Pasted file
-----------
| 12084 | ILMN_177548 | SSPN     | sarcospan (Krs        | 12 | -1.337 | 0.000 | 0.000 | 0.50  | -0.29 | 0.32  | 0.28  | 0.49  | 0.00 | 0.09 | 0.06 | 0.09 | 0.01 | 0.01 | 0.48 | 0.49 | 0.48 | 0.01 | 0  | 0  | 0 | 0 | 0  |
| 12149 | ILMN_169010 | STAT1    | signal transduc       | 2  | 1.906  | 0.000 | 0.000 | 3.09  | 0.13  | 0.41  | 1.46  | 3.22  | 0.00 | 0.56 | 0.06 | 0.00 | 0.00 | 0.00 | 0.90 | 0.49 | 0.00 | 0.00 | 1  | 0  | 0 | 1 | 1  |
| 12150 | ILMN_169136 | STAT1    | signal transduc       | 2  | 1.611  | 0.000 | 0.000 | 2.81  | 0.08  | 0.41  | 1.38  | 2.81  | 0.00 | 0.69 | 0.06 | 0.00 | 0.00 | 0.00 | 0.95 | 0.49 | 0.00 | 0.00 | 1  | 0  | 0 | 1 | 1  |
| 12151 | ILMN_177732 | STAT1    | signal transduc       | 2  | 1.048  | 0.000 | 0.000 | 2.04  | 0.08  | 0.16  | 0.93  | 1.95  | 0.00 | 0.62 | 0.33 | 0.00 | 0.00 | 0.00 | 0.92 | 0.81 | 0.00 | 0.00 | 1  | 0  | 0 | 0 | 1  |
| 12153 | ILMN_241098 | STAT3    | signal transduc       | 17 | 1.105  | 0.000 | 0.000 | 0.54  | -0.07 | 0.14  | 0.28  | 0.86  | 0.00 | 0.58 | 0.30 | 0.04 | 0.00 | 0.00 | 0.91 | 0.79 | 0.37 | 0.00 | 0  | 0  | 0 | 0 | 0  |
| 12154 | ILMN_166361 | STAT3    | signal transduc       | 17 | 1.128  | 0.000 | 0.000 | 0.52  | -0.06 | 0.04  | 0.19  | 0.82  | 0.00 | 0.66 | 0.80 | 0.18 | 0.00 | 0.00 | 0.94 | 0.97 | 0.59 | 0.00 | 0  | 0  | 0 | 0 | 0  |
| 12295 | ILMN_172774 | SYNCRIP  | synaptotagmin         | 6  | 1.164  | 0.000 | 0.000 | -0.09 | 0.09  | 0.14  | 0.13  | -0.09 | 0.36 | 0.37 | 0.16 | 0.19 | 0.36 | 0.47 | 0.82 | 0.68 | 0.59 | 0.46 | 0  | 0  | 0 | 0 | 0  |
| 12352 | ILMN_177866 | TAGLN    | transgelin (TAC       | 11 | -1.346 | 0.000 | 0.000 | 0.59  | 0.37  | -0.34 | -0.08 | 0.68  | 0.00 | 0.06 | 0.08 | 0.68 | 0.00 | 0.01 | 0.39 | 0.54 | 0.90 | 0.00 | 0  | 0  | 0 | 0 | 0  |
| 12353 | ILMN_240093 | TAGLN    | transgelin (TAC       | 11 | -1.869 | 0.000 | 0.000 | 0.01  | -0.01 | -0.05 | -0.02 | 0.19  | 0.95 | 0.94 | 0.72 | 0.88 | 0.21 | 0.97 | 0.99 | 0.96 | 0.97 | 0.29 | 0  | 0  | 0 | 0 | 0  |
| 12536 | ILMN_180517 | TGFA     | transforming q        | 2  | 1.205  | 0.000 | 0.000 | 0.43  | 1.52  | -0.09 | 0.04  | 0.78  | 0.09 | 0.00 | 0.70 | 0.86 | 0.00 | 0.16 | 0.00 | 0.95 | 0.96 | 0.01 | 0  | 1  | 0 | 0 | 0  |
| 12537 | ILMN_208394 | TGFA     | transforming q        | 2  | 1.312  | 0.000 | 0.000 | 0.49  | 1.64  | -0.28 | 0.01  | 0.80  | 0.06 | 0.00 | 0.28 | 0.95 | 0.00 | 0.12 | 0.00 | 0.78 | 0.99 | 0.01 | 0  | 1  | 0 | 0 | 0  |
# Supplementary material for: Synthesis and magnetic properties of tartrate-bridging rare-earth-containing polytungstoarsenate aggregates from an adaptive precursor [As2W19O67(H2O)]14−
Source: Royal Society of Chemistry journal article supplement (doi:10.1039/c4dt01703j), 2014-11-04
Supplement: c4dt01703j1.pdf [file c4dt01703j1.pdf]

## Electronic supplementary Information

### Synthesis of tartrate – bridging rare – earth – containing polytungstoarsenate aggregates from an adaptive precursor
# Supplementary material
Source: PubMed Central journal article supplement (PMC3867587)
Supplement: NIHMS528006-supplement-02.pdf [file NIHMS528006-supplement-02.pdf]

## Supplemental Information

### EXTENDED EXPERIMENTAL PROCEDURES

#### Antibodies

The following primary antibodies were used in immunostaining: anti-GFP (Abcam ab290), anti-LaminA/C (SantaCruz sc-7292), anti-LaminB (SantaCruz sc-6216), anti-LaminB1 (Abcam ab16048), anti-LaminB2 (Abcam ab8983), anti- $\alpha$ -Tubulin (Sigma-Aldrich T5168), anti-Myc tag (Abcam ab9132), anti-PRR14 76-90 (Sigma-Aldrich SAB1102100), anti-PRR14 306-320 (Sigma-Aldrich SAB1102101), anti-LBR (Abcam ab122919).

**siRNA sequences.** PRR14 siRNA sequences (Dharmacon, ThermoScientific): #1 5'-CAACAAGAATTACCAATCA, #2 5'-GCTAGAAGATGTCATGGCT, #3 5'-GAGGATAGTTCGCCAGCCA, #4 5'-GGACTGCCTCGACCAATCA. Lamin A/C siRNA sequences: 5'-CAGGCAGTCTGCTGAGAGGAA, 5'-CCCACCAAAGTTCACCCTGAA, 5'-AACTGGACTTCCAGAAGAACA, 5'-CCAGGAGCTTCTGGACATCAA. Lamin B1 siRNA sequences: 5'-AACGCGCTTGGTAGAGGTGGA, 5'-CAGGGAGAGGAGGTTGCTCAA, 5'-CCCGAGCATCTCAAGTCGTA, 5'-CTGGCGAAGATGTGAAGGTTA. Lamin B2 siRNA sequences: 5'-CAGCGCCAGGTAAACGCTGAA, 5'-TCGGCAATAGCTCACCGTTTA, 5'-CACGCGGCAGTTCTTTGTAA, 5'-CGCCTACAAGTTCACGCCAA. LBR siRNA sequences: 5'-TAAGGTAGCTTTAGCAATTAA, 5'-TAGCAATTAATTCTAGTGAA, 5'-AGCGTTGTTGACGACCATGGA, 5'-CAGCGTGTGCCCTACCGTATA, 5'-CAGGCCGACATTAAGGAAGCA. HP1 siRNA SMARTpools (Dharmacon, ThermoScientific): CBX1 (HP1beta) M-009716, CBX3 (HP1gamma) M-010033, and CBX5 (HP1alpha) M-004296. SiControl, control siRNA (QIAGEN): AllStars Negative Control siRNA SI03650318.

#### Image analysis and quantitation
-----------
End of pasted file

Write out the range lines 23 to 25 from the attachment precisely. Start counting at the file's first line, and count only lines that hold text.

The following primary antibodies were used in immunostaining: anti-GFP (Abcam ab290), anti-LaminA/C (SantaCruz sc-7292), anti-LaminB (SantaCruz sc-6216), anti-LaminB1 (Abcam ab16048), anti-LaminB2 (Abcam ab8983), anti- $\alpha$ -Tubulin (Sigma-Aldrich T5168), anti-Myc tag (Abcam ab9132), anti-PRR14 76-90 (Sigma-Aldrich SAB1102100), anti-PRR14 306-320 (Sigma-Aldrich SAB1102101), anti-LBR (Abcam ab122919).

**siRNA sequences.** PRR14 siRNA sequences (Dharmacon, ThermoScientific): #1 5'-CAACAAGAATTACCAATCA, #2 5'-GCTAGAAGATGTCATGGCT, #3 5'-GAGGATAGTTCGCCAGCCA, #4 5'-GGACTGCCTCGACCAATCA. Lamin A/C siRNA sequences: 5'-CAGGCAGTCTGCTGAGAGGAA, 5'-CCCACCAAAGTTCACCCTGAA, 5'-AACTGGACTTCCAGAAGAACA, 5'-CCAGGAGCTTCTGGACATCAA. Lamin B1 siRNA sequences: 5'-AACGCGCTTGGTAGAGGTGGA, 5'-CAGGGAGAGGAGGTTGCTCAA, 5'-CCCGAGCATCTCAAGTCGTA, 5'-CTGGCGAAGATGTGAAGGTTA. Lamin B2 siRNA sequences: 5'-CAGCGCCAGGTAAACGCTGAA, 5'-TCGGCAATAGCTCACCGTTTA, 5'-CACGCGGCAGTTCTTTGTAA, 5'-CGCCTACAAGTTCACGCCAA. LBR siRNA sequences: 5'-TAAGGTAGCTTTAGCAATTAA, 5'-TAGCAATTAATTCTAGTGAA, 5'-AGCGTTGTTGACGACCATGGA, 5'-CAGCGTGTGCCCTACCGTATA, 5'-CAGGCCGACATTAAGGAAGCA. HP1 siRNA SMARTpools (Dharmacon, ThermoScientific): CBX1 (HP1beta) M-009716, CBX3 (HP1gamma) M-010033, and CBX5 (HP1alpha) M-004296. SiControl, control siRNA (QIAGEN): AllStars Negative Control siRNA SI03650318.

#### Image analysis and quantitation